Lincoln Mitchel analytics on Abkhazia and the so-called South Ossetia
What about Abkhazia and South Ossetia? Since the war in 2008, there have been few major flareups between Russia and Georgia, but numerous minor and medium sized clashes between the two countries. Abkhazia and South Ossetia have been at the center, both symbolically and actually, of many of these. It is possible to see these conflicts as having been frozen since the war, but that is not accurate. While Georgia has succeeded in stymieing Russia’s efforts to win almost any international recognition for their position that these are two independent states, Tbilisi has been unable to stop Russia from tightening its control over these regions or pushing the de facto borders, usually by erecting fences, further into the rest of Georgia.
Despite these issues and the obvious relevance of Abkhazia and South Ossetia to broader Russian efforts to increase their influence in what they call their near abroad, Abkhazia and South Ossetia are not exactly front and center issues in Georgian political life. This is in part because the Georgian government lacks a clear policy approach that could solve the problem. Military solutions are not possible. Strategic patience is little more than a euphemism for doing nothing and hoping for the best. Other more innovative approaches, such as engaging in more dialog and the like would cause political problems for the ruling GD. Additionally, because both the GD and the UNM were unable to move Abkhazia and South Ossetia closer to Georgian sovereignty, neither party has much of an incentive to focus a lot of political attention on these questions.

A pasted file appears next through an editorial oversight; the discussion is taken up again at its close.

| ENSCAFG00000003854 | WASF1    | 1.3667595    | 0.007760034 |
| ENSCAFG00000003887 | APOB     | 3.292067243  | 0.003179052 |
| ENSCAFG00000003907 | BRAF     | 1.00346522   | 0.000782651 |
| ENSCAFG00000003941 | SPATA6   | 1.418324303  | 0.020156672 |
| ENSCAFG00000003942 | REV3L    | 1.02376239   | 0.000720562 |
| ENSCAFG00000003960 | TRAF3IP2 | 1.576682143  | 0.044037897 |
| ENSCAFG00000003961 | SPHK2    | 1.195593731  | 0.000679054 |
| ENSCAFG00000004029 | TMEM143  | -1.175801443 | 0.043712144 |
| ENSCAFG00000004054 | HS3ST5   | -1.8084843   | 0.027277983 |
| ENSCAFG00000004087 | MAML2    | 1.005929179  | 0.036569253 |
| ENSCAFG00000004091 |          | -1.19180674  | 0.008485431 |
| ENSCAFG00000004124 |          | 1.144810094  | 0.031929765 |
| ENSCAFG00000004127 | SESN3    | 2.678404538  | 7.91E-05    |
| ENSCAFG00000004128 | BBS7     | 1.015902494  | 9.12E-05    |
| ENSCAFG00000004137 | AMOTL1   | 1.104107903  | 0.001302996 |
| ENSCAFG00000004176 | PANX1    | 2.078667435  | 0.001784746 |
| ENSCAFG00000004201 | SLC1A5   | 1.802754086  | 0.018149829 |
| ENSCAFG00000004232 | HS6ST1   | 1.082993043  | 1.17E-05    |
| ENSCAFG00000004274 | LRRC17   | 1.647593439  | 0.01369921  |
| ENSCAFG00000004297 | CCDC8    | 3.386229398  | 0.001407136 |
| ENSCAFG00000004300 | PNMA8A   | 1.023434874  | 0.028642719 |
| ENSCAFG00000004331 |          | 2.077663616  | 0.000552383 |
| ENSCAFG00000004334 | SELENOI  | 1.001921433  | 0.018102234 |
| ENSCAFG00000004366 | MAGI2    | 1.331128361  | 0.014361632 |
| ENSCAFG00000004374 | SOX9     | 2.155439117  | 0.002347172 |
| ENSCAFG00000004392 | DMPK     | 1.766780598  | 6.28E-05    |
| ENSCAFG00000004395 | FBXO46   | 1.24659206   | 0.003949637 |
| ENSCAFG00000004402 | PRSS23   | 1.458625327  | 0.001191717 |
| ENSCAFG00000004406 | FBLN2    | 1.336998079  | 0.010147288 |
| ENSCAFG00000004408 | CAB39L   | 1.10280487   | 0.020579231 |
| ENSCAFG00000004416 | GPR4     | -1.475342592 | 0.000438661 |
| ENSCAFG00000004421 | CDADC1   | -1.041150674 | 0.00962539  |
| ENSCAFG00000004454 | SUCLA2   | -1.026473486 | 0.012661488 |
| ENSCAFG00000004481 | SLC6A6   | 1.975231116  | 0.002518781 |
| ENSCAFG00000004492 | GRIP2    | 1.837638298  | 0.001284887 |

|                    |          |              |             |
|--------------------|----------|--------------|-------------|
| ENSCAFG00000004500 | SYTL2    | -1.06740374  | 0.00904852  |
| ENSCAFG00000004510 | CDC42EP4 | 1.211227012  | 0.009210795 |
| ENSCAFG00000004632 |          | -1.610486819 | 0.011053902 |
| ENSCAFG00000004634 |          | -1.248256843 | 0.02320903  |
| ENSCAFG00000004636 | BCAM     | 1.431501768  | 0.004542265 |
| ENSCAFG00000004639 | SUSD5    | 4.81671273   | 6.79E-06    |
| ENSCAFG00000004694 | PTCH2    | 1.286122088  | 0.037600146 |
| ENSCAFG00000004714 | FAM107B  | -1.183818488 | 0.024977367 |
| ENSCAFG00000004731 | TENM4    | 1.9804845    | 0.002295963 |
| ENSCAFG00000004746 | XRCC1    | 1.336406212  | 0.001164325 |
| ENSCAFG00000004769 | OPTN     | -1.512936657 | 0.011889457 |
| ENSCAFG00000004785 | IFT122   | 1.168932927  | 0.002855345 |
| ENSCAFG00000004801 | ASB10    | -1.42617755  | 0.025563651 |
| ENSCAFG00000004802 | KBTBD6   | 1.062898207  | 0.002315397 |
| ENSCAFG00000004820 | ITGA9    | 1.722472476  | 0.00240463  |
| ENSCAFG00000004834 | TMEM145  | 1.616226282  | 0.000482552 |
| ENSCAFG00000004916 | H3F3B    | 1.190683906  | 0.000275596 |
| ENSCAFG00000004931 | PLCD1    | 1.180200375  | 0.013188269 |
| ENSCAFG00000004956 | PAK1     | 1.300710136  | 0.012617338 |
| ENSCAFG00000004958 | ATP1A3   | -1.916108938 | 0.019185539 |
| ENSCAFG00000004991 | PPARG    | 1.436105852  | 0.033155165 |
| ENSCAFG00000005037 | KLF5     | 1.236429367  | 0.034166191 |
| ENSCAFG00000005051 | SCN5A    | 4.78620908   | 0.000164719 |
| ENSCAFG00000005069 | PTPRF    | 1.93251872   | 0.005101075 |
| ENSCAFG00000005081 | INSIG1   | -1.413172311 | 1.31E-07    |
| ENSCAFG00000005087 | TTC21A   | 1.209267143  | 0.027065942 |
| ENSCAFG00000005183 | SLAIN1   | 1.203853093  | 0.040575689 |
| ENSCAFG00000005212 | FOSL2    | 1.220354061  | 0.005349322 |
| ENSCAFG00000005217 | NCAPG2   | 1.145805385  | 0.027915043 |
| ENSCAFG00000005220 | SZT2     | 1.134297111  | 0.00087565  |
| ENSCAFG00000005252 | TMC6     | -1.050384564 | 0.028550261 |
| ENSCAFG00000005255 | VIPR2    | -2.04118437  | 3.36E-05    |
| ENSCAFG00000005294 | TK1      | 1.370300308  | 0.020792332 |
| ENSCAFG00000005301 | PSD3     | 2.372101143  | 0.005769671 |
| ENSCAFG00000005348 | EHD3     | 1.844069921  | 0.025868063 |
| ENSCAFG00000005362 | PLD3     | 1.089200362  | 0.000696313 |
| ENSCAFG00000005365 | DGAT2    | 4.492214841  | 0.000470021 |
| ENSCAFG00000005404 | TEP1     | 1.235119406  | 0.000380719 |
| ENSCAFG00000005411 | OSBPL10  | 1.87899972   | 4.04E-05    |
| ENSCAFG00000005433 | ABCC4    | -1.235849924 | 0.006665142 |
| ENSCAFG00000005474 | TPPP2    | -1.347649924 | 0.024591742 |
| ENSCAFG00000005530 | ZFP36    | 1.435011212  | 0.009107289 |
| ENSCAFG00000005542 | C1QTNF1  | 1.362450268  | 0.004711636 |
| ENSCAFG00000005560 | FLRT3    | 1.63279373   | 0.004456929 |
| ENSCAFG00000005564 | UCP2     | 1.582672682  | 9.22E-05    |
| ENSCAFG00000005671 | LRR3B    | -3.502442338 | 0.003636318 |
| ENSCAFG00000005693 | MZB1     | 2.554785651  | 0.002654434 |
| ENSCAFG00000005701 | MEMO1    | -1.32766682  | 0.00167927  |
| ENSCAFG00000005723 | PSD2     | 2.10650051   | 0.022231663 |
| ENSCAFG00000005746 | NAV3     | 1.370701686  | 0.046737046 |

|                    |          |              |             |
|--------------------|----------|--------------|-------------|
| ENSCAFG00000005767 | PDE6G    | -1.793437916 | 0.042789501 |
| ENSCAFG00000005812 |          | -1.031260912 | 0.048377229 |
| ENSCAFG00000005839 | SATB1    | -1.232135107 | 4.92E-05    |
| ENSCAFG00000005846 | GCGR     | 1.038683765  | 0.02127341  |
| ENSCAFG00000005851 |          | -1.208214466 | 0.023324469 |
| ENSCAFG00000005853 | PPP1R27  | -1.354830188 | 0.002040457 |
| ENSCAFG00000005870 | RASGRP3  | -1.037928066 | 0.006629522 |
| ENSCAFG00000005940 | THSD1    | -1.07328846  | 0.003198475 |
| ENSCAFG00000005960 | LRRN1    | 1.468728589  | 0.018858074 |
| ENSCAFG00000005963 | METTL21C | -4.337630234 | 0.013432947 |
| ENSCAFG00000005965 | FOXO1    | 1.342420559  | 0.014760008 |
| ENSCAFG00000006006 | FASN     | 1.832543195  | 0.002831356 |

It is, however, significant that the New Years delegation from the US Senate visited the boundary line at Khurvaleti near South Ossetia. This was a reminder, not least to Russian President Vladimir Putin, that despite Donald Trump, some in the US leadership have not forgotten about Russia’s occupation of much of Georgia. Given the increased tension, but also increasingly strange relationship, between Russia and the west, 2017 could see Abkhazia and South Ossetia taking on a political relevance that is much greater than in previous years.
The year ahead will force Georgia to confront a changing world where long held notions, like the stability of American democracy or core concepts underpinning NATO, can no longer be assumed. While Georgia must craft a strategy for a changing Washington, and changing relationships between Washington and Moscow, there are domestic issues, such as the longstanding needs to deepen multi-party democracy and create an economy that benefits ordinary Georgians that will require attention and determine what happens to Georgia this year as well.